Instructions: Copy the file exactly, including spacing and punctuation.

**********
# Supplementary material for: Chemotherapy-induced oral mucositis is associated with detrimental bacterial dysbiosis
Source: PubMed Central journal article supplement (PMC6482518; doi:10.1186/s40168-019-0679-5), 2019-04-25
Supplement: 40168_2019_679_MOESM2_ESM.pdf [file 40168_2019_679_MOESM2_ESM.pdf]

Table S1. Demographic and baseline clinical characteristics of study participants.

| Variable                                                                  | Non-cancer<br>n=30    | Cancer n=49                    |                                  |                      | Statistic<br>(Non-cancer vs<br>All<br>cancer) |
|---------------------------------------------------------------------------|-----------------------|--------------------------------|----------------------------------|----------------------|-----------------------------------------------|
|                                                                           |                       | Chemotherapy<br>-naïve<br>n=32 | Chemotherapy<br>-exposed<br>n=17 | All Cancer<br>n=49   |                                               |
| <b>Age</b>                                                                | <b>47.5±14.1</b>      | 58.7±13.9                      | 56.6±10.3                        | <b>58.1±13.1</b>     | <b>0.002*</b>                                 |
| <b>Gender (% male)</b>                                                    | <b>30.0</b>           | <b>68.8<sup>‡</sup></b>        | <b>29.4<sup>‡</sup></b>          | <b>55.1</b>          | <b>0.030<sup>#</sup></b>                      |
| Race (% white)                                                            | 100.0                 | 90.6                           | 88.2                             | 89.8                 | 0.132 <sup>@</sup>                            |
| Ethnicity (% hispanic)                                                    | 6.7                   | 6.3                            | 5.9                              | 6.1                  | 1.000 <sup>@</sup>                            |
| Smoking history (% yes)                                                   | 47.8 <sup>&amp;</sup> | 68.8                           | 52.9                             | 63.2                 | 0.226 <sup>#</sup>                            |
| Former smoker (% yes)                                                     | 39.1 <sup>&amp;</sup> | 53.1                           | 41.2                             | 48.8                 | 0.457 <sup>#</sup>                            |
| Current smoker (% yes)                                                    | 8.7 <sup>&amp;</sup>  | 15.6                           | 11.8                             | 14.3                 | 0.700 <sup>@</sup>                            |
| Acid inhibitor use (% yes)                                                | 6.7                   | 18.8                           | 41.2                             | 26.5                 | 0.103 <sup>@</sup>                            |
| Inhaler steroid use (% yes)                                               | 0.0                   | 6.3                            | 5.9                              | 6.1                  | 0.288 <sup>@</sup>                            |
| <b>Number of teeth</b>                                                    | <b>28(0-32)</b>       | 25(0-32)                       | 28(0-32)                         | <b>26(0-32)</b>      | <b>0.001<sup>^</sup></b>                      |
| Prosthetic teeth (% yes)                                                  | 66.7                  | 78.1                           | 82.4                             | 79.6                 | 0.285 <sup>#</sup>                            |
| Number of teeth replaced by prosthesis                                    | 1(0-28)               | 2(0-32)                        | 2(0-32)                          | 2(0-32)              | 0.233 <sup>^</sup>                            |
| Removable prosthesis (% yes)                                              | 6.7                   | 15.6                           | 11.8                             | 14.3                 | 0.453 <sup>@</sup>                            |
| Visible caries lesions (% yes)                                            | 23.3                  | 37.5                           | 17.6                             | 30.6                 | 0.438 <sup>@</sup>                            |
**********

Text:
# Supplementary material for: Chemotherapy-induced oral mucositis is associated with detrimental bacterial dysbiosis
Source: PubMed Central journal article supplement (PMC6482518; doi:10.1186/s40168-019-0679-5), 2019-04-25
Supplement: 40168_2019_679_MOESM2_ESM.pdf [file 40168_2019_679_MOESM2_ESM.pdf]

Table S1. Demographic and baseline clinical characteristics of study participants.

| Variable                                                                  | Non-cancer<br>n=30    | Cancer n=49                    |                                  |                      | Statistic<br>(Non-cancer vs<br>All<br>cancer) |
|---------------------------------------------------------------------------|-----------------------|--------------------------------|----------------------------------|----------------------|-----------------------------------------------|
|                                                                           |                       | Chemotherapy<br>-naïve<br>n=32 | Chemotherapy<br>-exposed<br>n=17 | All Cancer<br>n=49   |                                               |
| <b>Age</b>                                                                | <b>47.5±14.1</b>      | 58.7±13.9                      | 56.6±10.3                        | <b>58.1±13.1</b>     | <b>0.002*</b>                                 |
| <b>Gender (% male)</b>                                                    | <b>30.0</b>           | <b>68.8<sup>‡</sup></b>        | <b>29.4<sup>‡</sup></b>          | <b>55.1</b>          | <b>0.030<sup>#</sup></b>                      |
| Race (% white)                                                            | 100.0                 | 90.6                           | 88.2                             | 89.8                 | 0.132 <sup>@</sup>                            |
| Ethnicity (% hispanic)                                                    | 6.7                   | 6.3                            | 5.9                              | 6.1                  | 1.000 <sup>@</sup>                            |
| Smoking history (% yes)                                                   | 47.8 <sup>&amp;</sup> | 68.8                           | 52.9                             | 63.2                 | 0.226 <sup>#</sup>                            |
| Former smoker (% yes)                                                     | 39.1 <sup>&amp;</sup> | 53.1                           | 41.2                             | 48.8                 | 0.457 <sup>#</sup>                            |
| Current smoker (% yes)                                                    | 8.7 <sup>&amp;</sup>  | 15.6                           | 11.8                             | 14.3                 | 0.700 <sup>@</sup>                            |
| Acid inhibitor use (% yes)                                                | 6.7                   | 18.8                           | 41.2                             | 26.5                 | 0.103 <sup>@</sup>                            |
| Inhaler steroid use (% yes)                                               | 0.0                   | 6.3                            | 5.9                              | 6.1                  | 0.288 <sup>@</sup>                            |
| <b>Number of teeth</b>                                                    | <b>28(0-32)</b>       | 25(0-32)                       | 28(0-32)                         | <b>26(0-32)</b>      | <b>0.001<sup>^</sup></b>                      |
| Prosthetic teeth (% yes)                                                  | 66.7                  | 78.1                           | 82.4                             | 79.6                 | 0.285 <sup>#</sup>                            |
| Number of teeth replaced by prosthesis                                    | 1(0-28)               | 2(0-32)                        | 2(0-32)                          | 2(0-32)              | 0.233 <sup>^</sup>                            |
| Removable prosthesis (% yes)                                              | 6.7                   | 15.6                           | 11.8                             | 14.3                 | 0.453 <sup>@</sup>                            |
| Visible caries lesions (% yes)                                            | 23.3                  | 37.5                           | 17.6                             | 30.6                 | 0.438 <sup>@</sup>                            |